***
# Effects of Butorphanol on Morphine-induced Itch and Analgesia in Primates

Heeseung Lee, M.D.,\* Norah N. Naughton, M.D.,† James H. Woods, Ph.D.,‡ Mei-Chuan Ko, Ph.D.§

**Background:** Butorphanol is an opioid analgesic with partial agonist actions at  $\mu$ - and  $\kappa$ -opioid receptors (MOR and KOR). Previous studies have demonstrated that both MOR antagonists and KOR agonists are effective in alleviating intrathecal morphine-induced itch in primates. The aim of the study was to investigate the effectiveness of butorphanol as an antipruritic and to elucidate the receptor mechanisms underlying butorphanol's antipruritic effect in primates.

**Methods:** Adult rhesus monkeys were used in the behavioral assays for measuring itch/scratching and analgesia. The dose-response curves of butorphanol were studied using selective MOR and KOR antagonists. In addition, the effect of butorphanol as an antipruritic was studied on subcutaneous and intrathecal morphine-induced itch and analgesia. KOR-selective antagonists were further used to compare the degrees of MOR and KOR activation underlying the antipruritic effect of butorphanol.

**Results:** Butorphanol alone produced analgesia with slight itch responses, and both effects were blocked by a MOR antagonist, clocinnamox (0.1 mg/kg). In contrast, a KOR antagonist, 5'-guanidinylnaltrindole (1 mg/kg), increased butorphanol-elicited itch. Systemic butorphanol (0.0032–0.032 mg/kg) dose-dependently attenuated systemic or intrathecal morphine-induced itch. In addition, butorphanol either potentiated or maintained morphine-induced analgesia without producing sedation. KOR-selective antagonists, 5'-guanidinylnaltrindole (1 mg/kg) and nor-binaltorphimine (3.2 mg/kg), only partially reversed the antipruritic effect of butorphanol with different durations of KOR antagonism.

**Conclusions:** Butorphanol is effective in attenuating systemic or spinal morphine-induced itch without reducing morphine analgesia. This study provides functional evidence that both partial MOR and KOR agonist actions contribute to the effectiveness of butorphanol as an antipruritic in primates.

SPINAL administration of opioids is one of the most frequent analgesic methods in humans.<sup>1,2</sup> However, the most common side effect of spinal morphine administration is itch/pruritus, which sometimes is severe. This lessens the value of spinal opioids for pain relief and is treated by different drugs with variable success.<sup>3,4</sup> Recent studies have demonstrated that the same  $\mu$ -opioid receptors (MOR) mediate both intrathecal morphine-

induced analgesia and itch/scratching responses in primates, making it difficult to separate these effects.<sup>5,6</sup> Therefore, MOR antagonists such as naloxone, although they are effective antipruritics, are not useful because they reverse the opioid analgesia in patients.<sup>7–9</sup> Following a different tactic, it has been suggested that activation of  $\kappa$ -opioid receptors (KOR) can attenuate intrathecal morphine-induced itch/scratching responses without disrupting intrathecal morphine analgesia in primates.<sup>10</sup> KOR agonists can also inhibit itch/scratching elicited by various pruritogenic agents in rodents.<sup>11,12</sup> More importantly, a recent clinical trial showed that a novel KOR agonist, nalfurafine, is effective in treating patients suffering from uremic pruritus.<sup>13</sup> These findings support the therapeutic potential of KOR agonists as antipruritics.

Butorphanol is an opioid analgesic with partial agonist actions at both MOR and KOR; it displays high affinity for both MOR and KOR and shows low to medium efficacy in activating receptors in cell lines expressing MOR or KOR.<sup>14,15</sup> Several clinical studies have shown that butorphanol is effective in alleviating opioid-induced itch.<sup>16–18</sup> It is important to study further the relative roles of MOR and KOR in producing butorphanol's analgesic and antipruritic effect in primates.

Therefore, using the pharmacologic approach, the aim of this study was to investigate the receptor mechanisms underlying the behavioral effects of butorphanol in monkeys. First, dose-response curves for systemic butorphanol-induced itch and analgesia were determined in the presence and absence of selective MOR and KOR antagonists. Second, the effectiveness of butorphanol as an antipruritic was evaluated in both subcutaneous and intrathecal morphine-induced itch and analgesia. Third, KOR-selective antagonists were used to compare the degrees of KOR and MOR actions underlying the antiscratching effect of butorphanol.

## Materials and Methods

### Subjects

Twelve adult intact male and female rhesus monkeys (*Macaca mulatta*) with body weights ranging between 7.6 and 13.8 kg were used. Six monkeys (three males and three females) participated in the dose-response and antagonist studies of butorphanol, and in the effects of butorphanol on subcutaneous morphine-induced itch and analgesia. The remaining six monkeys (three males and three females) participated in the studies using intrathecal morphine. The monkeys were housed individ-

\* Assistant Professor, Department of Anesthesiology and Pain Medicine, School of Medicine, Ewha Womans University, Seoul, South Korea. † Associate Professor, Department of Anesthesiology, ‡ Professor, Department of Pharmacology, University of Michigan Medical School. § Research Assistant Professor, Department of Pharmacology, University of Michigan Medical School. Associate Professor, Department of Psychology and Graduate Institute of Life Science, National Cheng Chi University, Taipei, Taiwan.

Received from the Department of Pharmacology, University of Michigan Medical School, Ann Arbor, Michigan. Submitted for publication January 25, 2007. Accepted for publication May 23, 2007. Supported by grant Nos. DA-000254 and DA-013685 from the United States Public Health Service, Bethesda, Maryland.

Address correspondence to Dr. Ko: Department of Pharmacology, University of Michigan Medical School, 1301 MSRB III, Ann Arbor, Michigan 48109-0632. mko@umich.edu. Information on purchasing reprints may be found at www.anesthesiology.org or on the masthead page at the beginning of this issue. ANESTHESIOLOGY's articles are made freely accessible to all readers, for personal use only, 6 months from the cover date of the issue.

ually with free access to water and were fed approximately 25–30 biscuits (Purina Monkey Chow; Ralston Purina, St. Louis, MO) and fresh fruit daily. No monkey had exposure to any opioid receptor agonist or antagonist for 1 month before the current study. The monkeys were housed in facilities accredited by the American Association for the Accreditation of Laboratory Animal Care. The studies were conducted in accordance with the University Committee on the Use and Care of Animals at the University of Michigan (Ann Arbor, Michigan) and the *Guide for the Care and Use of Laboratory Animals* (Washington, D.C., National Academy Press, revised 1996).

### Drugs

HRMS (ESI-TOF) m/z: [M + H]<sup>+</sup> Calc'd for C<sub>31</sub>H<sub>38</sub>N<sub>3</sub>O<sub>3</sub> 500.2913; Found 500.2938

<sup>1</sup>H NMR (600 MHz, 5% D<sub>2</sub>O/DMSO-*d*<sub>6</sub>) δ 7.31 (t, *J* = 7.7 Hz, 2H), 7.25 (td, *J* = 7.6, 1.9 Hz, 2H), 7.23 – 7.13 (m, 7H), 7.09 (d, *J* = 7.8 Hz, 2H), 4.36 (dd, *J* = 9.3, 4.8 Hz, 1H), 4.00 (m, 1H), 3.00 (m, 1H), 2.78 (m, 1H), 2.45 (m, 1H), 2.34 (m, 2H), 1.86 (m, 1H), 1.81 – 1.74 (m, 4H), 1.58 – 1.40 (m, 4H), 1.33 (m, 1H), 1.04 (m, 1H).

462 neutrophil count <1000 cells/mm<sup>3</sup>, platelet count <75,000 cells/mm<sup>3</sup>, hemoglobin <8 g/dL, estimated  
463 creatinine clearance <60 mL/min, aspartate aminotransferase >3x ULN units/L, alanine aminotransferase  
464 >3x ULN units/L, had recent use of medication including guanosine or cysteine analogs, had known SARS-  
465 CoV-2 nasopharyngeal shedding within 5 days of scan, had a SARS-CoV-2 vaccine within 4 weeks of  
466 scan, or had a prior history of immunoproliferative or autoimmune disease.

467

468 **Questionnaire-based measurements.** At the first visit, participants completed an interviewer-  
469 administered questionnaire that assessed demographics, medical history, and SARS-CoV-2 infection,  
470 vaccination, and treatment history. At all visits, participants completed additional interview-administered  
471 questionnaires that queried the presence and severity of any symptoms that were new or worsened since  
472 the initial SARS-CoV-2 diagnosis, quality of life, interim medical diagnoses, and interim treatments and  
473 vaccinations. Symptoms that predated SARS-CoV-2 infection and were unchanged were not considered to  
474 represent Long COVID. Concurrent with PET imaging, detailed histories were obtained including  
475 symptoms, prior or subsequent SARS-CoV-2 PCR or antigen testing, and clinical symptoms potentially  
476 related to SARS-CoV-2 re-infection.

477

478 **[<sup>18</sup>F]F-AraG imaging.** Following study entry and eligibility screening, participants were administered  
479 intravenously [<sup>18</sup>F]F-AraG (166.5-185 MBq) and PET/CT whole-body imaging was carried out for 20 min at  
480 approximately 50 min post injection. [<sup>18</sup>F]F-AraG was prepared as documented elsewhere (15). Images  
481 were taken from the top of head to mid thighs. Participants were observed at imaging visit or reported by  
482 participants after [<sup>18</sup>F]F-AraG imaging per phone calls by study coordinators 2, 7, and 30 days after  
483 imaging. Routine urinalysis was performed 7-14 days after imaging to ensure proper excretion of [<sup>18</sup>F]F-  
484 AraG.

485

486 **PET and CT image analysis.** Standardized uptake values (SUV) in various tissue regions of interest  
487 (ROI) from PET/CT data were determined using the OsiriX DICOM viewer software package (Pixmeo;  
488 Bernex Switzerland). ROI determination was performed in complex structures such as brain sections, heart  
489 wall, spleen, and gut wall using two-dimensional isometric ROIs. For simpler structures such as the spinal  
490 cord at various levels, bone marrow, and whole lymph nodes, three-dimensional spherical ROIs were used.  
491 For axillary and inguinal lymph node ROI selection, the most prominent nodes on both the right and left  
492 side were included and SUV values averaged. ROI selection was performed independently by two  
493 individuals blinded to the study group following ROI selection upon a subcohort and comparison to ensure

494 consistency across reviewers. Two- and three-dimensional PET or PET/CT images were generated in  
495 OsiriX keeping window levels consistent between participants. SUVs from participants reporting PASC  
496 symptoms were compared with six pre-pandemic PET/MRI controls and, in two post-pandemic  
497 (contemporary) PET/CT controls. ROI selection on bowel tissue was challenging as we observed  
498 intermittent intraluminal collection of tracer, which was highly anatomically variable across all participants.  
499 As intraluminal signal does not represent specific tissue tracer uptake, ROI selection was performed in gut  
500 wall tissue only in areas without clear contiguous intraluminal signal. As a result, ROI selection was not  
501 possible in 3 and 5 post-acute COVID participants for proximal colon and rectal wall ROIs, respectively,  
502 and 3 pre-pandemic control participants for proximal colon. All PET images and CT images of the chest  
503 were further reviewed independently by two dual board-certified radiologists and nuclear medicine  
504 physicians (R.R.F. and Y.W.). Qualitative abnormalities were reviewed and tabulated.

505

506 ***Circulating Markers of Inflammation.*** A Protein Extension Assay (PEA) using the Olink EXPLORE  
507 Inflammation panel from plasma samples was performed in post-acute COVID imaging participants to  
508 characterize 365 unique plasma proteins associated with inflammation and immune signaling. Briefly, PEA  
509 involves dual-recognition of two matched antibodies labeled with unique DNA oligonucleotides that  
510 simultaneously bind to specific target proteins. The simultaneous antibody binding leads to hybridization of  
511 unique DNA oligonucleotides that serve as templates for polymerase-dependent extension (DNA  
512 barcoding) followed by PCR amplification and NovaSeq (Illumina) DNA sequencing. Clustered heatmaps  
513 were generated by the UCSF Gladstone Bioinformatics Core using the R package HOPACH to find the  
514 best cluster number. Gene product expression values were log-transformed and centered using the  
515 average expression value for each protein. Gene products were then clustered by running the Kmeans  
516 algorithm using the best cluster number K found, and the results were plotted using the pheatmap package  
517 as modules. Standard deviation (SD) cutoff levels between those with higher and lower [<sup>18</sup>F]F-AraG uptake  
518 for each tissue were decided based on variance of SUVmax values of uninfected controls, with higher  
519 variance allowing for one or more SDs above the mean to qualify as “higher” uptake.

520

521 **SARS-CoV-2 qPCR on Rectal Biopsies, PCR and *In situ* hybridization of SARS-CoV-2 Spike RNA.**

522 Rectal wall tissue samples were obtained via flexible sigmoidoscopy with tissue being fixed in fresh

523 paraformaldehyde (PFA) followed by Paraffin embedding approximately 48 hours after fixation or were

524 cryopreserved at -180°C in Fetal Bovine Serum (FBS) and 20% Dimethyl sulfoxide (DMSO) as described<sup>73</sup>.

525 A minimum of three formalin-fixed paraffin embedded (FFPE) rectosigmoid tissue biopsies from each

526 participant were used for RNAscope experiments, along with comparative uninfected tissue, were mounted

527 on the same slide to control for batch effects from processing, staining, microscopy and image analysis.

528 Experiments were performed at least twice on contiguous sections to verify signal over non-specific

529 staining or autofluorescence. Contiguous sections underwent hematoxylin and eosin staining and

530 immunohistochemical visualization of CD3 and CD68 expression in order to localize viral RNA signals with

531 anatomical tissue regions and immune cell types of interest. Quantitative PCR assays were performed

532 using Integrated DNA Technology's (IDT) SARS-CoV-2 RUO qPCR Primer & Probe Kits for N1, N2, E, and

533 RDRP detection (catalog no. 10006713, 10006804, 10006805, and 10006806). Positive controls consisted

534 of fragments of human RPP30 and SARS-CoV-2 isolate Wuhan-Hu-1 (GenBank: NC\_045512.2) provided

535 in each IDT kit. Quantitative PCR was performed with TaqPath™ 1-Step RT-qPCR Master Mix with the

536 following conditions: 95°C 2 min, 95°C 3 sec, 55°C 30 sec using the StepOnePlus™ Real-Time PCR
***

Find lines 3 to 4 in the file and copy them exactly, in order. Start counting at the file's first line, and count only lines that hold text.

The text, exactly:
**Background:** Butorphanol is an opioid analgesic with partial agonist actions at  $\mu$ - and  $\kappa$ -opioid receptors (MOR and KOR). Previous studies have demonstrated that both MOR antagonists and KOR agonists are effective in alleviating intrathecal morphine-induced itch in primates. The aim of the study was to investigate the effectiveness of butorphanol as an antipruritic and to elucidate the receptor mechanisms underlying butorphanol's antipruritic effect in primates.

**Methods:** Adult rhesus monkeys were used in the behavioral assays for measuring itch/scratching and analgesia. The dose-response curves of butorphanol were studied using selective MOR and KOR antagonists. In addition, the effect of butorphanol as an antipruritic was studied on subcutaneous and intrathecal morphine-induced itch and analgesia. KOR-selective antagonists were further used to compare the degrees of MOR and KOR activation underlying the antipruritic effect of butorphanol.